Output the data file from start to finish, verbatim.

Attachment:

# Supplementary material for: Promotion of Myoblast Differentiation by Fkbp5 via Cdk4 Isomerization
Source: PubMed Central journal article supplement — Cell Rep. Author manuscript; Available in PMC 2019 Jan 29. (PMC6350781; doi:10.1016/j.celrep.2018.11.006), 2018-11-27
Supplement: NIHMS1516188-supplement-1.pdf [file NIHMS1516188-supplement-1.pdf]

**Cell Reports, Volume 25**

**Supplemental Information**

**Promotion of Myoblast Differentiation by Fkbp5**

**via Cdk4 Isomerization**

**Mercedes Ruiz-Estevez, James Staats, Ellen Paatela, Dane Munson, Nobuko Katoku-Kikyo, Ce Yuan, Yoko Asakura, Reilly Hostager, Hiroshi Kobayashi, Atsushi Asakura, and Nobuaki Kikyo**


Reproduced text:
# Supplementary material for: Promotion of Myoblast Differentiation by Fkbp5 via Cdk4 Isomerization
Source: PubMed Central journal article supplement — Cell Rep. Author manuscript; Available in PMC 2019 Jan 29. (PMC6350781; doi:10.1016/j.celrep.2018.11.006), 2018-11-27
Supplement: NIHMS1516188-supplement-1.pdf [file NIHMS1516188-supplement-1.pdf]

**Cell Reports, Volume 25**

**Supplemental Information**

**Promotion of Myoblast Differentiation by Fkbp5**

**via Cdk4 Isomerization**

**Mercedes Ruiz-Estevez, James Staats, Ellen Paatela, Dane Munson, Nobuko Katoku-Kikyo, Ce Yuan, Yoko Asakura, Reilly Hostager, Hiroshi Kobayashi, Atsushi Asakura, and Nobuaki Kikyo**